The image above is one that I sketched from a book (The Story of Paintings – a history of art for children by Mick Manning and Brita Granstrom) while sitting on the beach watching my girls mess around in their inflatable row boat. (Until the oldest one, Chloe, became convinced that she saw an Eagle Ray in the water and they came hot-tailing it back to the safety of the beach, filled with imaginary fears of the small Eagle Ray puncturing their inflatable boat with its barb.)
I sketched Shen Zou using a fountain pen – a temperamental one that I really, really, really dislike. But because it is the only fountain pen I have, and it was the only pen in my bag on the beach with me, I was forced to use it.
I wasn’t enjoying the sketching process, mostly because of the uncooperative pen, and because I was so busy scratching lines into the paper, forcing the pen to work, I lost all sight of proportion. It was like a bad writing day, when I have an idea in my mind, but find myself struggling to get the right words to express it.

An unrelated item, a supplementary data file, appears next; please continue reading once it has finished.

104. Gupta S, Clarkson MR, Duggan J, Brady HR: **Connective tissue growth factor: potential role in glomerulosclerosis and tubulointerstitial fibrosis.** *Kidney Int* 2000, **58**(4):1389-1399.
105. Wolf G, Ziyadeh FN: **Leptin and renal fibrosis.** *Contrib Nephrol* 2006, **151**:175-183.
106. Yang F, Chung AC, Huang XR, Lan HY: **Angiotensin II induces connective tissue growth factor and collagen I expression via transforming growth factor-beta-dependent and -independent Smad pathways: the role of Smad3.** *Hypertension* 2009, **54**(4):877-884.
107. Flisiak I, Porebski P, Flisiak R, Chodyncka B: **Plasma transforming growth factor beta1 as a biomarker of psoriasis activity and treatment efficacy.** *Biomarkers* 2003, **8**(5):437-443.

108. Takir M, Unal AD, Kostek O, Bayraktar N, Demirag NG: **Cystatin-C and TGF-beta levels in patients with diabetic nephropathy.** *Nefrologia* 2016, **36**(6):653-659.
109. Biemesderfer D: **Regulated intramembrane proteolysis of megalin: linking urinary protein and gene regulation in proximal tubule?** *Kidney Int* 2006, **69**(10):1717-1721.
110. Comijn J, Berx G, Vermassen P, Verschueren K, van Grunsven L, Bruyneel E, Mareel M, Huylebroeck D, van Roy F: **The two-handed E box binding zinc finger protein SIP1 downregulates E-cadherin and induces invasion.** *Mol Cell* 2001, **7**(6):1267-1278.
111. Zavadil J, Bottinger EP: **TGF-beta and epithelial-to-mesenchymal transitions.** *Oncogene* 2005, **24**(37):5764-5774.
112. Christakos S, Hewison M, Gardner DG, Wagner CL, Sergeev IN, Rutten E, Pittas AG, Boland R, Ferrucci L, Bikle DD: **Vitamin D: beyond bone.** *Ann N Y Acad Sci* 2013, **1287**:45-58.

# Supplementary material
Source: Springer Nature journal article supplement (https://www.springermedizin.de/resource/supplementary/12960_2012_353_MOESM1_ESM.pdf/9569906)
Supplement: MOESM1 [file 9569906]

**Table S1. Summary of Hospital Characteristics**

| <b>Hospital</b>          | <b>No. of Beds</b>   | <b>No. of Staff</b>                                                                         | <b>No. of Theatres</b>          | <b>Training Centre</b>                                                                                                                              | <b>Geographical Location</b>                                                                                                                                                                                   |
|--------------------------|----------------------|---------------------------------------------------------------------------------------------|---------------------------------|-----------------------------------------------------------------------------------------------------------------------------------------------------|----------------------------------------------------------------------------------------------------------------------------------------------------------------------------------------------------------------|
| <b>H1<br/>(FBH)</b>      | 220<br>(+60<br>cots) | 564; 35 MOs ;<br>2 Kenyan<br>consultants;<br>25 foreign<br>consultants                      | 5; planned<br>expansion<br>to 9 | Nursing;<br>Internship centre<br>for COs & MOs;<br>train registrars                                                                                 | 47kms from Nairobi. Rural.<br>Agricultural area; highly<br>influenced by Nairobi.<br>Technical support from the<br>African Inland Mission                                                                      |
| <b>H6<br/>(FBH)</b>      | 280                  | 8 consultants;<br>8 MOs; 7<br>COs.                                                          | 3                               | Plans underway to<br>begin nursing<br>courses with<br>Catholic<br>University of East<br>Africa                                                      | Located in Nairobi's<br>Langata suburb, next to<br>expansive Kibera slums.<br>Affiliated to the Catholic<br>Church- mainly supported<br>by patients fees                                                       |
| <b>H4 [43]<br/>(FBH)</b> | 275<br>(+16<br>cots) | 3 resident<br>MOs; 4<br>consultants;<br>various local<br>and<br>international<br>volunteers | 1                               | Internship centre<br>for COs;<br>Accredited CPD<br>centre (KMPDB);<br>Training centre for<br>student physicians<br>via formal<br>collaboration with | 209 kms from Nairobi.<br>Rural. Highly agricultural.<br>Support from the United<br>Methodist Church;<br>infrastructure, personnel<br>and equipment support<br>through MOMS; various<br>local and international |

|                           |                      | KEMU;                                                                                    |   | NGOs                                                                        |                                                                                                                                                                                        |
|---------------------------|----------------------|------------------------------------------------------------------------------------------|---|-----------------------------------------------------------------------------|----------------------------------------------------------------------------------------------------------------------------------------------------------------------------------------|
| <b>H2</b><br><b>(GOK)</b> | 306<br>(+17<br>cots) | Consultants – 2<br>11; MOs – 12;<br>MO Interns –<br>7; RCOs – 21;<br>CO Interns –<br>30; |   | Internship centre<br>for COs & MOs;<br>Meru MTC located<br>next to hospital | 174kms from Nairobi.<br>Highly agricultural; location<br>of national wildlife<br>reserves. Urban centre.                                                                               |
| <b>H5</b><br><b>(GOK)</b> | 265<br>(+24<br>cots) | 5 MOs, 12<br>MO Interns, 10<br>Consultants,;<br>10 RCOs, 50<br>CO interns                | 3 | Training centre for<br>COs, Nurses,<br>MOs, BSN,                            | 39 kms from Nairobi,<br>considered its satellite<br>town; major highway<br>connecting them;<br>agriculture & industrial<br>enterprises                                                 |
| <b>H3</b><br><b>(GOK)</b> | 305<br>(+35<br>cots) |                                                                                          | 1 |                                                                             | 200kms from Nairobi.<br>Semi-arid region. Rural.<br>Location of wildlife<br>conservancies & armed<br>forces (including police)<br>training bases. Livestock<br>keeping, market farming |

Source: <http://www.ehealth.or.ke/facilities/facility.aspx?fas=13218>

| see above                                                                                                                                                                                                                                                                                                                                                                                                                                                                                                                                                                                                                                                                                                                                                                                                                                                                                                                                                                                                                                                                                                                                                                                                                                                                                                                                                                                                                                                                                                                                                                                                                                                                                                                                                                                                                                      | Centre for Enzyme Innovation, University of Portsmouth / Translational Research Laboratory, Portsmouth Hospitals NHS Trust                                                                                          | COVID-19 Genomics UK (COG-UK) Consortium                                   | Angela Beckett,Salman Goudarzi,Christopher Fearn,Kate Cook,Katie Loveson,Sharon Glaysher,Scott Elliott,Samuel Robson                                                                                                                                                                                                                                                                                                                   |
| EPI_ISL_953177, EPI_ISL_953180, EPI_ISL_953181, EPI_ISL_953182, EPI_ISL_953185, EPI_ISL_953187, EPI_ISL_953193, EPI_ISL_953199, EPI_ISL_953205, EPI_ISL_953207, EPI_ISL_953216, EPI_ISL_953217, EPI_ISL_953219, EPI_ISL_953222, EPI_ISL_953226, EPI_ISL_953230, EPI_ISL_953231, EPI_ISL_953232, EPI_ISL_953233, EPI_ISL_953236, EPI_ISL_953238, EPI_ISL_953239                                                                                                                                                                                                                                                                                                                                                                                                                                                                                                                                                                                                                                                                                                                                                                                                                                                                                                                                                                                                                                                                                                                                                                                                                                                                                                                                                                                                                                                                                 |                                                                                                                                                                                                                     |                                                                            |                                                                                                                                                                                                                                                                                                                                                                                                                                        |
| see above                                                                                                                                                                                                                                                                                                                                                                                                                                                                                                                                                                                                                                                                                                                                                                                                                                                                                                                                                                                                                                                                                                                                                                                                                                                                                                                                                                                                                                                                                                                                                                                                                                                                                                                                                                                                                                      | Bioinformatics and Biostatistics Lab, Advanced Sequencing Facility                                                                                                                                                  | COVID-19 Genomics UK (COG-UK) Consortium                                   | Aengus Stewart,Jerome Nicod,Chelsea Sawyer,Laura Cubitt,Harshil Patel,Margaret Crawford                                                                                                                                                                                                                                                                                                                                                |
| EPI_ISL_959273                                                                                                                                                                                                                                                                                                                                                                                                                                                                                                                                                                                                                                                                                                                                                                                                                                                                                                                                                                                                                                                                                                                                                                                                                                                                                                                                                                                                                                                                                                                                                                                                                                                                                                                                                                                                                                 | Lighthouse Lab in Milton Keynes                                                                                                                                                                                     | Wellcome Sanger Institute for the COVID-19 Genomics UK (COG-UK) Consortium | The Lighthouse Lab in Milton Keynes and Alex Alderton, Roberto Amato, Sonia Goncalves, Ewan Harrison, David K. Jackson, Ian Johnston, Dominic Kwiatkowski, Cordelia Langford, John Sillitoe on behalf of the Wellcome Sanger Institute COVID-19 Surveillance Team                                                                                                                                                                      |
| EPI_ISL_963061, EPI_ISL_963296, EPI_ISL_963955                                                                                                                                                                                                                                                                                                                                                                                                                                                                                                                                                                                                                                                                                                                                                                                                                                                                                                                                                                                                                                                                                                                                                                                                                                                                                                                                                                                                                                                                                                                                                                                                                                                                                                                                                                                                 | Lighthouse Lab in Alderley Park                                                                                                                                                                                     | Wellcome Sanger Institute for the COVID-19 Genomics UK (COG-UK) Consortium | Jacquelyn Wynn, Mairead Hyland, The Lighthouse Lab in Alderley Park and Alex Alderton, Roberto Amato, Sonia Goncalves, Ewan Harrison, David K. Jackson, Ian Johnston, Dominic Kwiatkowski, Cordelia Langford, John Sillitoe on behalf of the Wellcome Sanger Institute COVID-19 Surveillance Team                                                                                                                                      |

Shen Zou, well known for his paintings that included imagery and poems, sketched in tranquility, in gardens and in nature. He would never have left indents on his page out of frustration and stubbornness. I imagine he would have simply accepted the pen for what it was and perhaps tried another.
I’ve made this error – trying to force creativity – not only in sketching but also in writing. Insisting that an idea just has to work, even when it refuses to. Trying to force images or comparisons in where they don’t really belong, just to breathe life into something that seemed good in the shower, or in the middle of the night, but one that was clearly less stellar on the page.
I find that the best way to deal with seemingly good ideas that just refuse to work on paper, is to let them go. Like I let the fountain pen go – straight to the bin. Sometimes, it’s a great idea, but the timing is wrong, and other times, it’s just a bad idea. Learn to let them go.
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